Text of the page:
The Batch Bar Hyatt French Quarter
someone would spend time visiting a place like that. But this is New Orleans, where because of the water table, many are buried above ground. The stories of how people were buried, how the families would pay for eternal upkeep of the crypts, mingled with how they dealt with yellow fever and death were to say the least, different. Plenty of ghost stories abound in this town along with tales of voodoo princess Marie Lavoo for those interested.
This is one of the birthplaces of jazz and it’s easy to find music to suit your tastes even if jazz is not your first love. The Preservation Jazz Hall is the hallmark of the French Quarter, but there is so much more…… as you walk the streets of the French Quarter and other areas in town you can hear music coming from bars, restaurants and many street performers. The French Quarter is alive
A monster hurricane did a tremendous amount of damage to this fine city, but the French Quarter fared better than most. Ten years after this cataclysmic event, there is nary a sign of it in the French Quarter. Other parts of the city have never really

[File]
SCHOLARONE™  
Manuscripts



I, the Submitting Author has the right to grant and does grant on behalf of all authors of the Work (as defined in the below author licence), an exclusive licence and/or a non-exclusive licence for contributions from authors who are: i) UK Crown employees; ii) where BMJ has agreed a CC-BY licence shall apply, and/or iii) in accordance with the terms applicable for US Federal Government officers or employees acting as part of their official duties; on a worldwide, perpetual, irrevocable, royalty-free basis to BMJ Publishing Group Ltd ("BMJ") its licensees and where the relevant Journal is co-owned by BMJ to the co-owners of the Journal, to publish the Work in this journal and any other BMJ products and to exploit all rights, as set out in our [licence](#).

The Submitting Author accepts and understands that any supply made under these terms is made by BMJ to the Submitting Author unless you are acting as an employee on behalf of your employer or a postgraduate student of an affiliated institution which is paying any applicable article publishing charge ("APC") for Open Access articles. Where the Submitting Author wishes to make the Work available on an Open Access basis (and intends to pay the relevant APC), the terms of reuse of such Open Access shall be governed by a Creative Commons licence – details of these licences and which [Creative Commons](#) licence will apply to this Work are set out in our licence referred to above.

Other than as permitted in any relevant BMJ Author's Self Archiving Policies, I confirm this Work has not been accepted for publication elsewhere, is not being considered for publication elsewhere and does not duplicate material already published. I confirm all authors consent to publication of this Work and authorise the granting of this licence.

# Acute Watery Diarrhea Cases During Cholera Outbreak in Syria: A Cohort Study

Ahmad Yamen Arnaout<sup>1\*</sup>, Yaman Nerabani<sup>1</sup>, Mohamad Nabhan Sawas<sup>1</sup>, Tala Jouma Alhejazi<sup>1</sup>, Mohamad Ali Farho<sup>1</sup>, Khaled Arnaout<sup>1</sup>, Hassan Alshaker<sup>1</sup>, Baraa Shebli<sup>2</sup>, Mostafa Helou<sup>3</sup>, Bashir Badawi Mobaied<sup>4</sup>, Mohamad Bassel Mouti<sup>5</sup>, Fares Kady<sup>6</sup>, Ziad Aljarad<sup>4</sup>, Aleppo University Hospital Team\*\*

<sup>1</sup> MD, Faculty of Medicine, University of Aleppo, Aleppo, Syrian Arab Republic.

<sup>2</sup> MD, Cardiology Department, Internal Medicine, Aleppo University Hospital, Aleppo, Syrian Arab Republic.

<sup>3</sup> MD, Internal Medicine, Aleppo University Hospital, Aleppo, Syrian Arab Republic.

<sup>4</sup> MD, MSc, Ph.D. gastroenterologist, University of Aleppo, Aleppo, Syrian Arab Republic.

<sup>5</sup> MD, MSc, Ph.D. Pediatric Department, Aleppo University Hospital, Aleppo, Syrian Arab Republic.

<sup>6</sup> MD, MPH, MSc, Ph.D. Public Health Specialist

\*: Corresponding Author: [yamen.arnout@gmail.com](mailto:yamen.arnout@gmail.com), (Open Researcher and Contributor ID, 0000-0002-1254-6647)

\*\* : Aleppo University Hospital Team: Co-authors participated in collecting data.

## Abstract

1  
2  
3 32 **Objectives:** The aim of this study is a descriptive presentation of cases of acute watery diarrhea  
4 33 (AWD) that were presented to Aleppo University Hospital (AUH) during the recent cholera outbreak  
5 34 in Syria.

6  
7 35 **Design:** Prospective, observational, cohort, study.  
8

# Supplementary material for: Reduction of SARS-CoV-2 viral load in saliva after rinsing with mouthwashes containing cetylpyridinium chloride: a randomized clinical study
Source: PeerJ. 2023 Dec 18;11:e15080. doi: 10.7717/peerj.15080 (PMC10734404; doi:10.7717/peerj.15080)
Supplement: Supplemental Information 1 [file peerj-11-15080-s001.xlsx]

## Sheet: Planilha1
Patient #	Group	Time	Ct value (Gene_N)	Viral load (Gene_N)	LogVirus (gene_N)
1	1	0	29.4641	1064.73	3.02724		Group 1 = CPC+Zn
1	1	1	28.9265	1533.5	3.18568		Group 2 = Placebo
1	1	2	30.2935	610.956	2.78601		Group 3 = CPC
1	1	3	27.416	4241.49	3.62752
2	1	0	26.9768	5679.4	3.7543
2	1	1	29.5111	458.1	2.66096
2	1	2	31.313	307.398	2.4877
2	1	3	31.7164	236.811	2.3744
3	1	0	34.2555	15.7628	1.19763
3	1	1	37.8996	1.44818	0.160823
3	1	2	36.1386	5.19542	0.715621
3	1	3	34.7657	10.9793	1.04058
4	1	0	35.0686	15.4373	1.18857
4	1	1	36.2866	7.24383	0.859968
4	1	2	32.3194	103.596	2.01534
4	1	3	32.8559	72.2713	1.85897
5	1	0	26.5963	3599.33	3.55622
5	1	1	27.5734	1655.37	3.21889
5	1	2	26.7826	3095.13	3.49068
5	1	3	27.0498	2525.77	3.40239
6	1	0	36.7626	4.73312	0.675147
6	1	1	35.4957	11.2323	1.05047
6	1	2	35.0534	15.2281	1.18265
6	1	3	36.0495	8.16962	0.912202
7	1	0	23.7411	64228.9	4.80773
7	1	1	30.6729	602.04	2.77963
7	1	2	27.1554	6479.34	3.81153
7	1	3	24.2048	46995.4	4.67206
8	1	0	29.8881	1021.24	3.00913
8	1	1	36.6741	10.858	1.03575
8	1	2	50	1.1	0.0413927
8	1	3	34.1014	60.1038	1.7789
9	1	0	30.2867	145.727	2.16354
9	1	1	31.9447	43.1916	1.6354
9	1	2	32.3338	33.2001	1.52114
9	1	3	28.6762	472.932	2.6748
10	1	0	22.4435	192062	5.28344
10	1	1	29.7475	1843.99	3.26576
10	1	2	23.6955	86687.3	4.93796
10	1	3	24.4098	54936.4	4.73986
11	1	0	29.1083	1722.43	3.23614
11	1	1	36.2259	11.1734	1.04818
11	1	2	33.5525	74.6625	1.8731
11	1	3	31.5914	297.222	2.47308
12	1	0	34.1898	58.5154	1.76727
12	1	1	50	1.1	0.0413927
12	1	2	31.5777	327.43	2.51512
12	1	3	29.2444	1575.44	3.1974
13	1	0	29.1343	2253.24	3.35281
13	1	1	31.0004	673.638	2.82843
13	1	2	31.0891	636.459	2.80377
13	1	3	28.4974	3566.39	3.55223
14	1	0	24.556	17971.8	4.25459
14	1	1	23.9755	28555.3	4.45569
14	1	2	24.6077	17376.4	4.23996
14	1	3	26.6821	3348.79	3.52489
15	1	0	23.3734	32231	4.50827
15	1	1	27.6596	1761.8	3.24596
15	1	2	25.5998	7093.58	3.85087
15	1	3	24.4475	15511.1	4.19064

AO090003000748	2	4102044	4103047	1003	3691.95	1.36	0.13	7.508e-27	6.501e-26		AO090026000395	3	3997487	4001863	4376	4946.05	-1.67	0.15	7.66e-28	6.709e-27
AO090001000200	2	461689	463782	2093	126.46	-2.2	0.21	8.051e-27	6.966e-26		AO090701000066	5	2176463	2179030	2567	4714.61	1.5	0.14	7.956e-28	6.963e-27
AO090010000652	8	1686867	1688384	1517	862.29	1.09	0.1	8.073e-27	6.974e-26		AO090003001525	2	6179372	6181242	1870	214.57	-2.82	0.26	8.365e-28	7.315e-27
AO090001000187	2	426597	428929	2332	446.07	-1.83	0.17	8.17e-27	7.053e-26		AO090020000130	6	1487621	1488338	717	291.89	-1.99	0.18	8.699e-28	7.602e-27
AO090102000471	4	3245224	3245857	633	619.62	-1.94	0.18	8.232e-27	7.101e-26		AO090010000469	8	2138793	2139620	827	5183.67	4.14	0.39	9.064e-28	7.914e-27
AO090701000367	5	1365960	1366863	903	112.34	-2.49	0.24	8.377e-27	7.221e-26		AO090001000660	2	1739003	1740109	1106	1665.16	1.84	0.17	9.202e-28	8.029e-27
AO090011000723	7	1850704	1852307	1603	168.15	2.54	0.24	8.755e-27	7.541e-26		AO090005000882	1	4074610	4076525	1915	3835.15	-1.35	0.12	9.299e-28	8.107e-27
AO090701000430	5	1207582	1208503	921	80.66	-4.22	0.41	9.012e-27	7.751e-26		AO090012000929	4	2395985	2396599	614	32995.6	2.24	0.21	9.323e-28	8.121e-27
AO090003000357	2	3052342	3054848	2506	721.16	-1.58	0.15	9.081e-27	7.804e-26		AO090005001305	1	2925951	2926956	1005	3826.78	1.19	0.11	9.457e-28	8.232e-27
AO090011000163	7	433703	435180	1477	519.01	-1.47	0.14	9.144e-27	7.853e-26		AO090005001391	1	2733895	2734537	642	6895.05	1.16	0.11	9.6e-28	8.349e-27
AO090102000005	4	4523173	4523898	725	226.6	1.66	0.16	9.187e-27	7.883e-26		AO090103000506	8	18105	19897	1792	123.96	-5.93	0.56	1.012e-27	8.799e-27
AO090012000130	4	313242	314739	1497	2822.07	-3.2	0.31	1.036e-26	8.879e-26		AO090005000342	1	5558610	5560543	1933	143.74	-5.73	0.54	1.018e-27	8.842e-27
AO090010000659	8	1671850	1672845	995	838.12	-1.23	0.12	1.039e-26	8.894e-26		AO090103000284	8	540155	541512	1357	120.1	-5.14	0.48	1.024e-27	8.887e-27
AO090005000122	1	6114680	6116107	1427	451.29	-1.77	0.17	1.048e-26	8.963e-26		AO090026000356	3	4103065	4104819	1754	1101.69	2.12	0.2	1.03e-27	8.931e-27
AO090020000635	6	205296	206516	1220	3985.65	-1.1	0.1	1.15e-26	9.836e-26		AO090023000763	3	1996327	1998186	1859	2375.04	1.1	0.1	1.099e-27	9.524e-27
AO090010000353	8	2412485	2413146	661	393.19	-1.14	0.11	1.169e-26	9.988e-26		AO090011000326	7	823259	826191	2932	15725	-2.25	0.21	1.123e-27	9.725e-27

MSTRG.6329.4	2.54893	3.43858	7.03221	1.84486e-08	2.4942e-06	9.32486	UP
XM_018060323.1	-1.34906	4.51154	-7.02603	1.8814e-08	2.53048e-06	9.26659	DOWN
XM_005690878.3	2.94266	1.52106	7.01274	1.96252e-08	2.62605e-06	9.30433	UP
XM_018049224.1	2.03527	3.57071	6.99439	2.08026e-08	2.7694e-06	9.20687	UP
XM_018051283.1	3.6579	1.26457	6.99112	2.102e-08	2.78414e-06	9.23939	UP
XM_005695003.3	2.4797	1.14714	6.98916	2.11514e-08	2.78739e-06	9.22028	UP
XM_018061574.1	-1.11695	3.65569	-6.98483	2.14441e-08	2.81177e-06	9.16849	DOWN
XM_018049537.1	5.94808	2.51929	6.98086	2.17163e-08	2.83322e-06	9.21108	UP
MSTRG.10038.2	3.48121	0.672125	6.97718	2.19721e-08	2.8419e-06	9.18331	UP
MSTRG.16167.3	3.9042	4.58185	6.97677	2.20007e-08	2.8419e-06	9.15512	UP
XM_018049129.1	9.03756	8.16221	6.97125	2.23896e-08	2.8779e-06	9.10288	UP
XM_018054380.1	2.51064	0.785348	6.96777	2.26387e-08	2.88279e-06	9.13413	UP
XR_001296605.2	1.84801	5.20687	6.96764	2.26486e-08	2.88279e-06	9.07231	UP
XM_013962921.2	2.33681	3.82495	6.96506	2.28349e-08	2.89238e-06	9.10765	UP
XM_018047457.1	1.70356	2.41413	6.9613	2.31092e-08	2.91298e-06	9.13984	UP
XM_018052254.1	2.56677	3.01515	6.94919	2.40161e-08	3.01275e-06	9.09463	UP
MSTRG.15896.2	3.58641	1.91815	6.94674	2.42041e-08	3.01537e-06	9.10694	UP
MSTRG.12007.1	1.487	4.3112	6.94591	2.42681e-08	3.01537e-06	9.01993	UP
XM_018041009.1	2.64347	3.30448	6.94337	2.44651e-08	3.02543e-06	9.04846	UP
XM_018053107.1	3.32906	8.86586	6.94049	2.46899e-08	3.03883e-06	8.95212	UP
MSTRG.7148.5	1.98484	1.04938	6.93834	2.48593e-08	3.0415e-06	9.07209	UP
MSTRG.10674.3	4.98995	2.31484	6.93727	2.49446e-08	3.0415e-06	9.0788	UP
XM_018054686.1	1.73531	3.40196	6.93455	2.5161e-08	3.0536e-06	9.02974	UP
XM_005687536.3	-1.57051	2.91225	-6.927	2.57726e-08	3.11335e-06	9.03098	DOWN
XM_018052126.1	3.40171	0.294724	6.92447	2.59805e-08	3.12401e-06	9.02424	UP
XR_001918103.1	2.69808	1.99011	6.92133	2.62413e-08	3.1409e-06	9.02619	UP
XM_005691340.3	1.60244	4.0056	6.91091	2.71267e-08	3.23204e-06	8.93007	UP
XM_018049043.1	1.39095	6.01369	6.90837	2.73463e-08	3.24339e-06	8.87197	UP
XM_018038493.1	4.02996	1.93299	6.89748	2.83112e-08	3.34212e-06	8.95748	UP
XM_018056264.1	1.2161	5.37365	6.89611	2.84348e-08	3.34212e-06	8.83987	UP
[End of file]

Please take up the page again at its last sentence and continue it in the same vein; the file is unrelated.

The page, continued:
The Batch Bar- Hyatt French Quarter
recovered. It is sad.
We wiled away our days just drinking in (sometimes literally) what the Big Easy had to offer. Hanging out in Jackson Square, wandering the French Quarter, finding tasty cuisine that was full of flavor kept us busy as we moved at a leisurely pace.
Our last time to visit NOLA was a decade or so ago. We stayed at Hotel St. Marie on Toulouse St. On one of our evening walks we stopped by to see what it looked like all these years later. It was lovely and we wished we had stayed there again. The quiet garden and dining area was so inviting we had drinks and dessert. The most amazing carrot cake I’ve ever had. YUM.
New Orleans has a façade……it is so much more than the French Quarter, if you get away from the tourist areas, dig a bit deeper you’ll find an even more fascinating city.
We planned to tour the W.W. II museum but never found the time in our wandering.
On our last day, we ventured to the Garden District, where we went to the famous District Donuts and…..sampled doughnuts that were unbelievably tasty and
Minion and Dave
They are everywhere!
strolled Lafayette Cemetary No. 1 and the neighborhood. One could just feel the history. This area was far more to our liking. After wandering the streets, looking at the shops we stopped at The Bulldog for a cold adult beverage. Sitting on the patio in the shade of the trees discussing past travels, friends, anniversaries past and wondering what the future will hold.
There is so much more to this storied city, but our time was limited. We definitely had a marvelous time with great friends. Restaurants:
The Pelican Club
The Gumbo Pot
The Cafe Dumond
The Cresent Brewery
The Batch Bar
Hotel St. Marie's restaurant